Acustomer walks into your store and asks if you have any cereal bars with a low Glaecaemic Index which also contains only fruit sugars. As you are about to ask them what’s wrong with a packet of crisps, you suddenly realise this is not the first time customers have had ‘strange’ health requests.
Like it or not, retailers need to keep abreast of the latest health buzzwords, reports, fads and products if they want to stop customers going elsewhere, to somewhere which stocks these ‘strange’ products.
The Glycaemic Index (GI) will be the next big health craze, according to the independent international brand agency Dragon. GI was developed to help people, particularly diabetics and athletes, maintain stable blood sugar levels. It supports cutting down on refined and highly processed foods (high GI foods) and instead, opting for low GI foods – foods with complex carbohydrates which are more slowly digested, naturally low in sugar and high in fibre. It favours more natural foods over the current ‘healthy foods’ such as low fat products which are actually high in sugar.
GI ranks food on a scale from 0-100 according to how much it raises blood sugar levels after eating. Low GI foods (55 or less) include foods such as roasted and salted peanuts, apples, pears, porridge made with water, noodles, wholemeal bread and Special K. Moderate GI foods (56 to 69) include muesli, boiled potatoes, digestive biscuits, Mars bars, Ryvita and Weetabix. The high GI foods (70 or more) are foods such as white bread, bagels, boiled parsnips and white rice.
RHM BREAD BAKERIES has revamped its entire Hovis range as the ‘healthiest ever Hovis’. The changes include new recipes, lower salt levels, new packaging and new advertising, supported by a £10m investment. White breads and rolls will be made using increased amounts of wholewheat, and the salt content across all products will be reduced by 10% on average.
KINGSMILL is also appealing to the health-conscious with its new Toastie wholemeal variant. Demand for wholemeal bread continues to grow: sales of wholemeal loaves are outstripping brown bread 4 to 1. The 800g Kingsmill Toastie wholemeal loaf replaces Kingsmill Toastie brown 800g.
KELLOGG’S has reduced the sugar content by 25% across all its Corn Flakes-based products – Corn Flakes, Frosties and Crunchy Nut Cornflakes. A 30g serving of Corn Flakes now contains 0.55g of salt, which contributes 9% of the Guideline Daily Amount (GDA). The same serving of Frosties and Crunchy Nut Cornflakes now contains 0.35g of salt (6% GDA). The GDA for salt is 6g per day. Frosted Wheats and Raisin Wheats contain no added salt. As part of its health and nutrition programme across all brands, UBUK has introduced three new variants to its McVitie’s Light range: light digestives 400g; light choc digestives 300g; light HobNobs 300g; and light rich tea 300g. All the packs have 25% less fat than standard variants. The company has also launched a healthier Hula Hoops variant – Hula Hoops shake 2 salt. Each pack comes with the salt in a sachet, which adds 40% less salt to the snack than the standard Hula Hoops pack. The new variant also contains no artificial colours, flavours or preservatives.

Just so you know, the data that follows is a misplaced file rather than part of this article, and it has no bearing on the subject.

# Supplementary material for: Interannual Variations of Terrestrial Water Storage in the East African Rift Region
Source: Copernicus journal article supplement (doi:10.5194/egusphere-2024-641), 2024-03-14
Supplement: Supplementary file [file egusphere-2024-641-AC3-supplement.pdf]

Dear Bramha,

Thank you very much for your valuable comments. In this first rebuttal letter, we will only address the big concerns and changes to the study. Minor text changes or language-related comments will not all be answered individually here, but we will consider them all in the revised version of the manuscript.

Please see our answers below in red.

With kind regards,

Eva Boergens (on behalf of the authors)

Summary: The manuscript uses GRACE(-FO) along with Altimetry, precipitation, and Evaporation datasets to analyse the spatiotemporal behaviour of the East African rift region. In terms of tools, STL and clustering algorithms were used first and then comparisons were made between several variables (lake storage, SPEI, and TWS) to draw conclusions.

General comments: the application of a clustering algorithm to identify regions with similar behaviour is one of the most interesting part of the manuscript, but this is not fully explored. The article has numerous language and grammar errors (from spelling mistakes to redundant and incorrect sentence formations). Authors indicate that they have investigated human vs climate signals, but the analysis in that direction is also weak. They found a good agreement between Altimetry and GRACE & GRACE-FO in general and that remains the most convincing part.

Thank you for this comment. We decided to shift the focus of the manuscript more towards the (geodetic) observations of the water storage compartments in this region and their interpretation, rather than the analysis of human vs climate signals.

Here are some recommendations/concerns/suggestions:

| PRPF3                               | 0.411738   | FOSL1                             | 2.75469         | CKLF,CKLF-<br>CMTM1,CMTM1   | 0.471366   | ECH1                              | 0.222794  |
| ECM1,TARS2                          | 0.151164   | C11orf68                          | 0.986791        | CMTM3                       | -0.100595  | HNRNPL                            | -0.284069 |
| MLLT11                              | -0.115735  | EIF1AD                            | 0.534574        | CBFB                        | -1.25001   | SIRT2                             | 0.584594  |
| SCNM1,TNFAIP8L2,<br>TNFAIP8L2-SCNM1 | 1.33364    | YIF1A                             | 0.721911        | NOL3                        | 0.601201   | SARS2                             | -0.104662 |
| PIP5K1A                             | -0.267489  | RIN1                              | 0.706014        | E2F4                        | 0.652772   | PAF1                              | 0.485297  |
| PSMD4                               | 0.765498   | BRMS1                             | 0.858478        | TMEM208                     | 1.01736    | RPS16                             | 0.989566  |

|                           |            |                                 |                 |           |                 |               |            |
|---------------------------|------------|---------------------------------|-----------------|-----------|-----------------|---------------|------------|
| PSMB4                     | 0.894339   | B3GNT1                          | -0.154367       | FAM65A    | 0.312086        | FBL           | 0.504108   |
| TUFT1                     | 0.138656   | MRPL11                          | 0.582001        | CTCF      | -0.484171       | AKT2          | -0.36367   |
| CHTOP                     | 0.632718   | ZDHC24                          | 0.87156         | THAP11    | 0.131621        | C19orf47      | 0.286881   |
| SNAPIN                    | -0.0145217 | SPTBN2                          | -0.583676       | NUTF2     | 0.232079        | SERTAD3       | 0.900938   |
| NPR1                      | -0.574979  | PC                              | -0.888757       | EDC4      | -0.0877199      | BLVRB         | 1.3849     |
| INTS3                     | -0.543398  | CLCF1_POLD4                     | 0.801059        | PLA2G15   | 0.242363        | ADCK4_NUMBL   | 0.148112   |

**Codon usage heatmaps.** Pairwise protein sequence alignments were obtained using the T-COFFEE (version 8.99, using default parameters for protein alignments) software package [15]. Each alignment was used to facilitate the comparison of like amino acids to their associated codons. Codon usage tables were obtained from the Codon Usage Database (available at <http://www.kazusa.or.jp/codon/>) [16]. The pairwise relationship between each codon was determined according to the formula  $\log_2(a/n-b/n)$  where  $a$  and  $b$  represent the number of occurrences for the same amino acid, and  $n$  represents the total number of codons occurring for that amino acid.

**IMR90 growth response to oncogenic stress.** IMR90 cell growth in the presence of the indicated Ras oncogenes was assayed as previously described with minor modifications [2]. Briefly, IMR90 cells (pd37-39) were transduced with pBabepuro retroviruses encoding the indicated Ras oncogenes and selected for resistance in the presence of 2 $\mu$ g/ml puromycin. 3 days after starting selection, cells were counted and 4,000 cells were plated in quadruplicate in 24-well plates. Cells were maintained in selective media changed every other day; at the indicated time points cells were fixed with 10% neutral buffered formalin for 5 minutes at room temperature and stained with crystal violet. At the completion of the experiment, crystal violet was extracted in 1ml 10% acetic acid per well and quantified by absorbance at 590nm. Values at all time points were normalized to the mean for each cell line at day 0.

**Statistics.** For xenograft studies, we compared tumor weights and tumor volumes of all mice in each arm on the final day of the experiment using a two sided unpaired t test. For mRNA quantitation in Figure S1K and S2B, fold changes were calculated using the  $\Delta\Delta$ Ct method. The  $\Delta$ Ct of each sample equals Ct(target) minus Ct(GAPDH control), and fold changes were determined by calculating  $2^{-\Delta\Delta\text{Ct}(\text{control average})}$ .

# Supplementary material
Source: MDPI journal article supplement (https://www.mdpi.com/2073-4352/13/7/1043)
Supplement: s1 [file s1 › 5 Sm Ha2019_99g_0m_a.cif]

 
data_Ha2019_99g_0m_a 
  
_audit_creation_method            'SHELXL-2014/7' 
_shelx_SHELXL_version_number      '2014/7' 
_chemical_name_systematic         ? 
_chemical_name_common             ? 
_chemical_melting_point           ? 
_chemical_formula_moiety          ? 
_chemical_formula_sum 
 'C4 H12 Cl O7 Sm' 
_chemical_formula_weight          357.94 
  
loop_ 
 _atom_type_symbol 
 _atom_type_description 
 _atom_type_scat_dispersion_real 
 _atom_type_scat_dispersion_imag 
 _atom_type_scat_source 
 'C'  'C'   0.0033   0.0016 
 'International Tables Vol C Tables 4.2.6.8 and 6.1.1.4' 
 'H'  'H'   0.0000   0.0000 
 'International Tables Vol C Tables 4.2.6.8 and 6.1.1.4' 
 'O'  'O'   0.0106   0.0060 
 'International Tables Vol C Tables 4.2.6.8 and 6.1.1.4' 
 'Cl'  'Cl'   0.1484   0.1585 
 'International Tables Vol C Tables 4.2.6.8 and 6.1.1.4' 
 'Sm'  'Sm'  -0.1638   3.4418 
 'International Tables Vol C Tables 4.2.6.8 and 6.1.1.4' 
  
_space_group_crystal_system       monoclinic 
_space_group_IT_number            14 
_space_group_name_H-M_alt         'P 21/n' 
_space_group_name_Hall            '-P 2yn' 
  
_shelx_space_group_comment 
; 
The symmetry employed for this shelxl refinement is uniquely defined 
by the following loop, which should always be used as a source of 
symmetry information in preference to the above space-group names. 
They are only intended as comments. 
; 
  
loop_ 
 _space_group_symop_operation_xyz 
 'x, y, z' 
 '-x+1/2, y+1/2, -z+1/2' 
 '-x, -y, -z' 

NESTLE ROWNTREE has given its Rowntree brands a healthy overhaul, with new recipes across its Fruit Pastilles, Fruit Gums, Jelly Tots and Tooty Fruities sweets. They now include real fruit juice and no artificial colours or flavours. The company is also launching a sugar-free lolly with a fizzy centre, which will be available from June 1.
One in four children are overweight, according to a Department of Health report. The figures, based on findings in 1995 and 2003, show obesity among children aged two to 10 years old rose from 10% to 14%. The biggest increase was among eight to 10s, up from 11% to 17% in the eight-year period. The study found that one in five of children who were living in households where both parents were either overweight or obese were also obese, compared to only 7% in homes where parents did not have a weight problem. The report reveals obesity is growing twice as fast among boys aged two to 10 than among girls in the same age band: up from 10% to 15% compared with a 2% rise for girls to 12%.